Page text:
On the second day of her trip to Gibraltar Emma Pinch joins the the Territorial Army's 35 Signal Regiment as they leave the sunshine behind and venture into the island's network of underground tunnels...
Gibraltar's unique network of tunnels provides a perfect practice ground for some of the terrain the members of 35 Signal Regiment could come up against.
The Rock's dense warren of tunnels runs for 32 miles - an impressive distance when you consider the island itself is only three miles long and one mile wide.
The forerunners of the Royal Engineers began work excavating the tunnels during the Great Siege of Gibraltar, and between 1939 to 1944 they were extended to include some big enough to drive a truck through, and to house a veritable town of command stations, stores and barracks.
The major tunnels bear street names named after the person who excavated them.
Major Chris Lewis, the officer in command during the 35 Signal Regiment's trip to Gibraltar, said the army was once again finding a vital use for the Rock's tunnel system.
"There is a huge tunnel system in Afghanistan and in much of the Middle East there are tunnel networks," he said.
"The US has had great difficulty dealing with them. If we had to defend the Tube system in London we would also need to use these tactics.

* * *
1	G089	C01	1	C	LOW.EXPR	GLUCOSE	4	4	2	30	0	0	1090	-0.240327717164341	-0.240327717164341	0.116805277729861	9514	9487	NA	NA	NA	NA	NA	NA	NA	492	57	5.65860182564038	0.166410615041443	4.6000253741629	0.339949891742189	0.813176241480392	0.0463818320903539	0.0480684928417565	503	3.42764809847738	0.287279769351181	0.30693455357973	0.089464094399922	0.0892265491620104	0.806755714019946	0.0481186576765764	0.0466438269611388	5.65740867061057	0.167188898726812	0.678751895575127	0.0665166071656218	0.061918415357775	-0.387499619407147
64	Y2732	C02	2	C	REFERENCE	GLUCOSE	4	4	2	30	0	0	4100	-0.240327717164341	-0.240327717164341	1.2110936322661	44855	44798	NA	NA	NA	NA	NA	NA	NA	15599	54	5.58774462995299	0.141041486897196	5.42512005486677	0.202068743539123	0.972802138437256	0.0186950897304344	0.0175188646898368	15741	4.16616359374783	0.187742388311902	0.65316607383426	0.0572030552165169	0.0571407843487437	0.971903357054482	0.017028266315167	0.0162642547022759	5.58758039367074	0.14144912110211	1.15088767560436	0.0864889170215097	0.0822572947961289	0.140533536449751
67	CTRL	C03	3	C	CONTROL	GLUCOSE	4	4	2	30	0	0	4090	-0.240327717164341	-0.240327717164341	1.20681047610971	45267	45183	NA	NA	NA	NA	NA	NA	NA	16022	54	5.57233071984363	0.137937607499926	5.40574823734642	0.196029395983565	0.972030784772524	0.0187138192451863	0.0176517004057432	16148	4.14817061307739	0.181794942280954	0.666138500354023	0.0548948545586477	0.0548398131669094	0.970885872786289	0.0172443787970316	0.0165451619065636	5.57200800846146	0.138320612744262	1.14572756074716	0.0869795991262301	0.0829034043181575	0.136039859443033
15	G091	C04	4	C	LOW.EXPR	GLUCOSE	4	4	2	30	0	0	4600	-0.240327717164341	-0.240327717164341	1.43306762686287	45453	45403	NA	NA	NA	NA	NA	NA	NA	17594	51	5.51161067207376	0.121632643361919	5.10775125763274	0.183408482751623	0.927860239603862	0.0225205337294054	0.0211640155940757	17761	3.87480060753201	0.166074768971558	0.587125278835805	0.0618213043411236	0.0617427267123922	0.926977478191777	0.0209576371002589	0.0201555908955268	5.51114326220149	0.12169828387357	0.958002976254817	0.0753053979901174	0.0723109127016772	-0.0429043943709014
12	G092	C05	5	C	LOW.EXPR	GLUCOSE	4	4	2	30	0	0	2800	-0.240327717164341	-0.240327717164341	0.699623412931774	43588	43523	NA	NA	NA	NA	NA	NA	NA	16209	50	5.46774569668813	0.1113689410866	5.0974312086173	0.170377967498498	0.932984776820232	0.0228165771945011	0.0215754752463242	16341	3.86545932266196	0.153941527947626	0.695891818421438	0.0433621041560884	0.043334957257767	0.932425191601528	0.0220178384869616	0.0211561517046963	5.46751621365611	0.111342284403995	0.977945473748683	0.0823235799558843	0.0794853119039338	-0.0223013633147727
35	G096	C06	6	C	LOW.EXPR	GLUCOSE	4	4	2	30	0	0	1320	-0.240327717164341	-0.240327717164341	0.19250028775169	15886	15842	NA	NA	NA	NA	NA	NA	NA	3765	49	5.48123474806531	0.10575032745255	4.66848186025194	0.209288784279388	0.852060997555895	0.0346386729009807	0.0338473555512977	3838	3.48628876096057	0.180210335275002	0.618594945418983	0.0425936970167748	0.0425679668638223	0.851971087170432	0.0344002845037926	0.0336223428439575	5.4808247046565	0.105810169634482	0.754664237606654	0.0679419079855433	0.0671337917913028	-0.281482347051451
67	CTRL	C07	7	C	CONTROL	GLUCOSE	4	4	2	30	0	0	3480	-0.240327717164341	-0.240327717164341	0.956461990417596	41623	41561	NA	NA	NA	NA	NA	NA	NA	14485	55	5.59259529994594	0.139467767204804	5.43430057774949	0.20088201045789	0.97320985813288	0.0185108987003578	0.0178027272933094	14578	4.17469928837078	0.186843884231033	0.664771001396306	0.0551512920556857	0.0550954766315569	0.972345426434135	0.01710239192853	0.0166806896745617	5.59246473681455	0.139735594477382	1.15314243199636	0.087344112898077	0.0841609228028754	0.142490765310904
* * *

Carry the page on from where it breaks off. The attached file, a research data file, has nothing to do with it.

"The Gibraltar Regiment is currently writing a doctrine on how you fight in tunnels which will be followed throughout the army, and Gibraltar's tunnels will be more widely used for practice."
Earlier this year the Gurkhas came to the Rock to practise tunnel tactics and the Signallers were following the same procedures.
The scenario constructed was one where terrorists had hidden in the tunnels and 20 soldiers were patrolling down them with rifles at the ready.
"If they are fired on it is up to the patrol leader to determine how many there are and decide whether to pull back or go forward," added Major Lewis.
Their tactic is to usually only go into battle with combatants if the military force outnumbers the enemy by the ratio of three to two.
Mayur Patel, aged 25, was the officer in command of the patrol and as such the person charged with making those decisions.
In May, Mr Patel, an information and technology specialist from Shrewsbury, completed his three-week Queen's Commission course which all prospective TA officers must undertake.
"This exercise has been the highlight so far for me," he said. "There's nowhere else you would get the opportunity to do something like this and if I came to Gibraltar on holiday I would never do it.
"I joined the TA in 2003 when I came out of university and I was struggling between jobs. I had friends in the army so I thought I would try it out.
"I did think about joining the regular army but I think I've got the best of both worlds now."